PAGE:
As a result, LHF was used to estimate the milk yield curves and percentage of fat and protein for different seasons and calving age. MUÑOZ BERROCAL et al. (2005) also noted the best adjustment for LHF on the average lactation curve of Murrah buffaloes. CRUZ et al. (2009) and COBUCI et al. (2000) reported that LHF did not adjust well to the lactation curve of Guzera cows, which can be explained by differences in the lactation curve shape of this breed when compared to the Holstein.

The identity model test between the different age classes at calving was notable for milk yield and percentage of fat in the milk (P<0.05), indicating that the curves differ from one another (Figure 1A and 1C). Hence, the equality of parameters test was favored, and it was found that only parameter C can be equal for estimating the milk yield curve in the four age groups (P<0.05). In order to estimate the fat percentage curve, parameters A, B, and C were notably equal (P<0.05), suggesting that one of the parameters may be fixed, but not all three simultaneously, since the identity model test yielded significant results.

Figure 1 Estimated milk yield, fat and protein curves by Linear Hyperbolic function in different seasons (• spring; □ summer; ♦ autumn; * winter) and age classes at calving (• 22 to 45 months; □ 46 to 69 months; ♦ 70 to 93 months; * 94 a 118 months). 

For the milk yield, the estimates of parameter A for the age classes at calving, ranged from 33.56 to 38.02 (Table 2), higher than those reported by CRUZ et al. (2009) in the Guzera and Sindhi breeds. According to these authors, this parameter is related to the initial yield, thus negative values are responsible for atypical lactation curves, indicating initial output lower than zero. Estimates of parameters B and C ranged from -1.70 to -1.01 and -8.54 to -4.02, respectively. For the percentage of fat and protein in milk, parameters B and C estimates were positive, due to the absence of peak in the trajectory of these two characteristics.

Table 2 Estimates of the Linear Hyperbolic Function* parameters for the different age classes and calving seasons. 

*Linear hyperbolic function: y = a+bn+c l/n, where: y is the monthly phonotypical trait expression, n is the lactation month, and a, b and c parameters of the functions.

In figure 1A lower milk production for animals aged between 22 and 45 months (22.70 and 28.01kg) and 94 to 118 months (19.73 to 29.91kg) can be observed. Similar outcomes were observed by SOUZA et al. (2010) in the Holstein breed in Paraná. Animals calving between 22 and 45 months of age were characterized by low peak yield, declining slightly in subsequent months, and as being one of the most productive classes from the sixth month onwards, in other words, these animals did not display a well-defined yield peak, which was also verified by VAL-ARREOLA et al. (2004) in dairy cattle raised in Mexico.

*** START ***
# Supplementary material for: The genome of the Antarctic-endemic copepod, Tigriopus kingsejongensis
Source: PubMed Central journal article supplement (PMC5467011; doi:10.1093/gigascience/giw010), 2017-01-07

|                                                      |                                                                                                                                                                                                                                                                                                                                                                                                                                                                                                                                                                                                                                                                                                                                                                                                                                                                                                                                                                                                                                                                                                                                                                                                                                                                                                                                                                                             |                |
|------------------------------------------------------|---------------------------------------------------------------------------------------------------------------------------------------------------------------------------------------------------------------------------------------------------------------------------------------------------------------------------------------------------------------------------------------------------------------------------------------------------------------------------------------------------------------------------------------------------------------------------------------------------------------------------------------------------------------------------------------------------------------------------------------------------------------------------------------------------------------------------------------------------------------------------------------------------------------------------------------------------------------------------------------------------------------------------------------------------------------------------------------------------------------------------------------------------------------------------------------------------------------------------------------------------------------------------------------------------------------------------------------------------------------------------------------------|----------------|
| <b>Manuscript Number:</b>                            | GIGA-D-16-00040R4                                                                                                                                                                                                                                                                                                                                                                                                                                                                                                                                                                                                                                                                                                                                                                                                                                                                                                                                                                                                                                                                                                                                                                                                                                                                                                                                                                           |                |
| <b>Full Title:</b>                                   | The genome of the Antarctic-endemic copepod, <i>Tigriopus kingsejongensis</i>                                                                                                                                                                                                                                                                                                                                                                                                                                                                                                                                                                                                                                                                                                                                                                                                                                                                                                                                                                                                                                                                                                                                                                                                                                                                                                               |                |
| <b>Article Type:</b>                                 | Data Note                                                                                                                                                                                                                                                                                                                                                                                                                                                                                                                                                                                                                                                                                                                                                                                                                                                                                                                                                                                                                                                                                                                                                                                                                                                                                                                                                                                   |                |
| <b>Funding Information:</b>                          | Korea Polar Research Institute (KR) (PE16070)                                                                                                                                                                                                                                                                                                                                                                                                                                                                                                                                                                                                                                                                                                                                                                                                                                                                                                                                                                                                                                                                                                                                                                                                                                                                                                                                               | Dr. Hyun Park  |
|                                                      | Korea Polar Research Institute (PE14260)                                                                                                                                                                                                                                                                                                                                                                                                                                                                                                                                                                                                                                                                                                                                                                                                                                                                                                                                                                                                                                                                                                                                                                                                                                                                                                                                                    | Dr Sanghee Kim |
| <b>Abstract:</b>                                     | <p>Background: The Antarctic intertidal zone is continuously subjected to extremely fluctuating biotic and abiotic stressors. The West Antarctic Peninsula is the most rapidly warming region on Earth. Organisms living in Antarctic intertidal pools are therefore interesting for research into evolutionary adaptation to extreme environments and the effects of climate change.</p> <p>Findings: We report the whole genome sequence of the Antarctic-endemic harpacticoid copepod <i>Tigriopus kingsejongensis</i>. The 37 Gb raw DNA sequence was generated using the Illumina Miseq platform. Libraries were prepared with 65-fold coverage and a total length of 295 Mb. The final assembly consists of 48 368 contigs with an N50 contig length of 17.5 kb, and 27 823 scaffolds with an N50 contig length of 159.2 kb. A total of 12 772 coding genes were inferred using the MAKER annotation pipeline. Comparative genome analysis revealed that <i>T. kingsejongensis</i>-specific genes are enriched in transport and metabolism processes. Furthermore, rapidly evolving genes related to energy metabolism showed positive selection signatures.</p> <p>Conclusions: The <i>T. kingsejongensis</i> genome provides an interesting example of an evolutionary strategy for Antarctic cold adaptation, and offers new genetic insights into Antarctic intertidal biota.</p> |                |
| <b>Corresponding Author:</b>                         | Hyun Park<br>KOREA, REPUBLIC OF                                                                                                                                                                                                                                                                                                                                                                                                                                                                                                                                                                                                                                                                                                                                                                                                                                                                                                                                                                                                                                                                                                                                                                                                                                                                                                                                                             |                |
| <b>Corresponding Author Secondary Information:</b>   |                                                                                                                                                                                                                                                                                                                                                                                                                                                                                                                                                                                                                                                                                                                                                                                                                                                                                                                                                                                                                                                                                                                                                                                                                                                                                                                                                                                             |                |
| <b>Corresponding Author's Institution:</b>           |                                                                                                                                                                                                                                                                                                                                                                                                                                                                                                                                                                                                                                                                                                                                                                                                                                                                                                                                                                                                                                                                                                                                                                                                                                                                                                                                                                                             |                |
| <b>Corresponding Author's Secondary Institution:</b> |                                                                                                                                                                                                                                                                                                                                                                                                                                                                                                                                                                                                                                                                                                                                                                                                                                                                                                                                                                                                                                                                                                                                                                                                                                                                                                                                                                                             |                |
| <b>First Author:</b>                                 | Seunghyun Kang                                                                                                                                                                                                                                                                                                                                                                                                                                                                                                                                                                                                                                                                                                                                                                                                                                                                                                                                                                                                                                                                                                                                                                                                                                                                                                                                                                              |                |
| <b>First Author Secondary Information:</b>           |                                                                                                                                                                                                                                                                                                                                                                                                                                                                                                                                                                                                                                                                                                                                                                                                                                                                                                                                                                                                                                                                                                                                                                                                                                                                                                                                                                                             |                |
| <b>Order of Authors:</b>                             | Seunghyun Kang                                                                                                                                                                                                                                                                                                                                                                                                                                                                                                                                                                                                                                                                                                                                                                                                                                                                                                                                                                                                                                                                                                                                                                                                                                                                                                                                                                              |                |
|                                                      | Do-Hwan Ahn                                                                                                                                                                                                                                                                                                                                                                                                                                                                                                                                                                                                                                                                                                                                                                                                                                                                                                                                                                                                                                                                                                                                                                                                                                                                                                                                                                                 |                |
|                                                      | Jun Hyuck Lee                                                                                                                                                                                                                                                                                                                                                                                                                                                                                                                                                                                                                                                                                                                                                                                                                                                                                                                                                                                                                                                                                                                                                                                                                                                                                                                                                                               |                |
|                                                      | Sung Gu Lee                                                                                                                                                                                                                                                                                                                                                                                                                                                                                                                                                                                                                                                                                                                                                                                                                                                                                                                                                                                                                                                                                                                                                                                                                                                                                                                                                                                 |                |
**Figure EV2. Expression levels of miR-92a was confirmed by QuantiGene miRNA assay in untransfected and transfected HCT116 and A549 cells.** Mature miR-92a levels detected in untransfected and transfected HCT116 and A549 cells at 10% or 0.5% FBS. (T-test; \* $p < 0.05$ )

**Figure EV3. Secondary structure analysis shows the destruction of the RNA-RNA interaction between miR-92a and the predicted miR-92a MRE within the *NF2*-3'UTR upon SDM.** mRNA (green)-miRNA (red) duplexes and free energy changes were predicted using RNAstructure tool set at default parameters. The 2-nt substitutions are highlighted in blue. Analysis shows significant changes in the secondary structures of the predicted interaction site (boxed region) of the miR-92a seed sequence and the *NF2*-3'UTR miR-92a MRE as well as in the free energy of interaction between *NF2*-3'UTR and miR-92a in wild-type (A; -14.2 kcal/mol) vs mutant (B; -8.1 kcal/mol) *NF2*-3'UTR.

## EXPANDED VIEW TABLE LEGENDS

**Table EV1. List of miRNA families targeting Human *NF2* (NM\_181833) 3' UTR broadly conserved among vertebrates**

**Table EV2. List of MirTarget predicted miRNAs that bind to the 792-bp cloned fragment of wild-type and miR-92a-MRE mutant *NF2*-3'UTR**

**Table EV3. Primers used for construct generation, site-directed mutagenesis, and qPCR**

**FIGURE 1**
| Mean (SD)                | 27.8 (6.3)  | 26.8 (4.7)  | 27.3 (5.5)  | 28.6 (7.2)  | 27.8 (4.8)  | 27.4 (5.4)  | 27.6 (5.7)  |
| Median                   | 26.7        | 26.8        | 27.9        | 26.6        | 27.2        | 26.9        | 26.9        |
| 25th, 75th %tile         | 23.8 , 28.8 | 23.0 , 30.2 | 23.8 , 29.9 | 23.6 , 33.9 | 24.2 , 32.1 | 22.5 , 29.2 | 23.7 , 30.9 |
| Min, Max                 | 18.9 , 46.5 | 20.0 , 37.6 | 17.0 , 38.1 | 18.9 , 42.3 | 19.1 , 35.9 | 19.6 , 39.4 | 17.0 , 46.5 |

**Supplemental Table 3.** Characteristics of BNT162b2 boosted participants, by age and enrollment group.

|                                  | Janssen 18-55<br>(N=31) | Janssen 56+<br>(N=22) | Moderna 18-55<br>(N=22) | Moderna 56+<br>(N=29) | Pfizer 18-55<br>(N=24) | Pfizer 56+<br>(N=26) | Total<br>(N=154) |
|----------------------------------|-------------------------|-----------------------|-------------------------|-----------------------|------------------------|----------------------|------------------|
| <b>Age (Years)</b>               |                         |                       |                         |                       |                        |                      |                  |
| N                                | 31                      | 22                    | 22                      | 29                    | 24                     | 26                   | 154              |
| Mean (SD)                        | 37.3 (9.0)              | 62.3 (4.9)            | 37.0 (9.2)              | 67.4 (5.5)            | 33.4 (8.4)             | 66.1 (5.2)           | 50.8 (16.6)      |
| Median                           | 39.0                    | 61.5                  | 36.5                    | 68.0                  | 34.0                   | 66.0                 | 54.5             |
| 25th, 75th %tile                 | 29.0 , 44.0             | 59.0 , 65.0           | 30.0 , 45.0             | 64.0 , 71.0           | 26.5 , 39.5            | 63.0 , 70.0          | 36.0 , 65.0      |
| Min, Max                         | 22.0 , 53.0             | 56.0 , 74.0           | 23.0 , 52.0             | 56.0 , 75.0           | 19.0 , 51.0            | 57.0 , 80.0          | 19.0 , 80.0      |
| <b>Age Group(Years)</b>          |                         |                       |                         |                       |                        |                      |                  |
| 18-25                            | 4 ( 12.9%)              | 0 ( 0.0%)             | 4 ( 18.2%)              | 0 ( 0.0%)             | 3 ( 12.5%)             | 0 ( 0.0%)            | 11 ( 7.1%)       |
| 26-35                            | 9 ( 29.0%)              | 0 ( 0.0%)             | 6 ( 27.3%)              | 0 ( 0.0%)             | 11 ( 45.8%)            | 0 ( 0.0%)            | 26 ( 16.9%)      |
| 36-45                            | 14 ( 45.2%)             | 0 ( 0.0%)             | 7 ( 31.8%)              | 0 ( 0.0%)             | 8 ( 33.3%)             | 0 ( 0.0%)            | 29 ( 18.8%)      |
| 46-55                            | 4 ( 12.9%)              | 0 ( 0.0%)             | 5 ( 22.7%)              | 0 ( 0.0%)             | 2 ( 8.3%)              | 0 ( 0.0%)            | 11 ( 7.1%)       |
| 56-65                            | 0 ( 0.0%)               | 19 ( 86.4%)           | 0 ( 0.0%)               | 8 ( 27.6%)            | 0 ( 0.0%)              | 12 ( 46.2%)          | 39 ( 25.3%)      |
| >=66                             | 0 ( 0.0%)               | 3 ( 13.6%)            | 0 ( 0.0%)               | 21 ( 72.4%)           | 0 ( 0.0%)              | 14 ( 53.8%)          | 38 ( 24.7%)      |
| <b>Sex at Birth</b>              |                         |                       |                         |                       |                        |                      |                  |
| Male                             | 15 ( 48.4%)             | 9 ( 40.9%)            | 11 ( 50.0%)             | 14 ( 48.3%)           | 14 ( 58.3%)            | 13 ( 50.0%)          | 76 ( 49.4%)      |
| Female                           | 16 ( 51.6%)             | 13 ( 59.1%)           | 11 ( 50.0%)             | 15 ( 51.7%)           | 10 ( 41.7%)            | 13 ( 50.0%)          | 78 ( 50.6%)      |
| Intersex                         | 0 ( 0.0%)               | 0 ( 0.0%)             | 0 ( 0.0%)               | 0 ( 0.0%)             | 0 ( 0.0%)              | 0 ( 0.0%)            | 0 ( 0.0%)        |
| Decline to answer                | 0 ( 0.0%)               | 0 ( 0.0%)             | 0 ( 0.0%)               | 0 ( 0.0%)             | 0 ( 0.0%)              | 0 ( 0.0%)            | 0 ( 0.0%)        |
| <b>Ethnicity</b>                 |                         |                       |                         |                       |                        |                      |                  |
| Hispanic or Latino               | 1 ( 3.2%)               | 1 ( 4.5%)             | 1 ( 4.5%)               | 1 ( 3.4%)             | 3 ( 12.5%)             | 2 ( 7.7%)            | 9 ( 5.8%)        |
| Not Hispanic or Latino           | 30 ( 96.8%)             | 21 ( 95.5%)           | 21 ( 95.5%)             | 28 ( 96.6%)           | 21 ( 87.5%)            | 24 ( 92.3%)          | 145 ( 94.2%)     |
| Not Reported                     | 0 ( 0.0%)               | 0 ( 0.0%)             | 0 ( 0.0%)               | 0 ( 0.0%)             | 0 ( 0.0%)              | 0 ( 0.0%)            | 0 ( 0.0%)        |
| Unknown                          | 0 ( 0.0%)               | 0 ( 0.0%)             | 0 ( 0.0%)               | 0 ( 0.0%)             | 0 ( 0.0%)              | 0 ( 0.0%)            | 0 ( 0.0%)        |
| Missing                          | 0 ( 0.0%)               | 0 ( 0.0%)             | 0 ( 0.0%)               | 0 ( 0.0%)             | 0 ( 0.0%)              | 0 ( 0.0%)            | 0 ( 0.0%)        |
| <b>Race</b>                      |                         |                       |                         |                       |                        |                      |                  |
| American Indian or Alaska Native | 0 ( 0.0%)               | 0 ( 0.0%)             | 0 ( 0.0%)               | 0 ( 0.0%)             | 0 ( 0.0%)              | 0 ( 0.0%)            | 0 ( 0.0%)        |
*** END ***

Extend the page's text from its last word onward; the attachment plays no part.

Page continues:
Cows calving between 46 and 69 months of age presented higher milk yield throughout the whole lactation period (23.41 to 32.18kg). These findings match those by NORO et al. (2006) and ANDRADE et al. (2007) in Holstein breed cattle raised in Rio Grande do Sul and São Paulo, respectively. Animals calving between 70 and 93 months of age presented high yield during early lactation (32.21kg), decreasing sharply after the peak yield, resulting in lower yields from the 6th (25.76kg) to 10th month (20.98kg) of lactation.

OLIVEIRA et al. (2007) noted in crosses of Holstein and Gyr breeds cows raised in Minas Gerais, that multiparous cows resulted in adjusted mean production 48.9% higher than in primiparous cows, which may be related to the development of the mammary gland and higher capacity of food intake (SOUZA et al., 2010).

Animals calving between 94 and 118 months of age displayed the highest fat content, with lower variation after the second month of lactation (3.40% to 3.52%). The remaining age groups resulted in similar fat percentage curves, with higher percentages observed within the first month (3.36%), followed by a slightly decline (3.00%) before increasing again from the 6th month onwards (3.11%) (Figure 1C). Similar results were obtained by NORO et al. (2006).

For the protein percentage, the identity test proved to be non-significant (P<0.05), in other words, there was no difference with respect to the percentage of protein in the milk among the four age periods of the calving cows. The percentages of protein in the milk ranged from 3.12% to 3.40% throughout lactation (Figure 1B). NORO et al. (2006) reported higher milk protein content in cows aged from 33 to 45 months, and lower in primiparous cows. SOUZA et al. (2010) reported no correlation between the lactation order and fat and protein content in milk.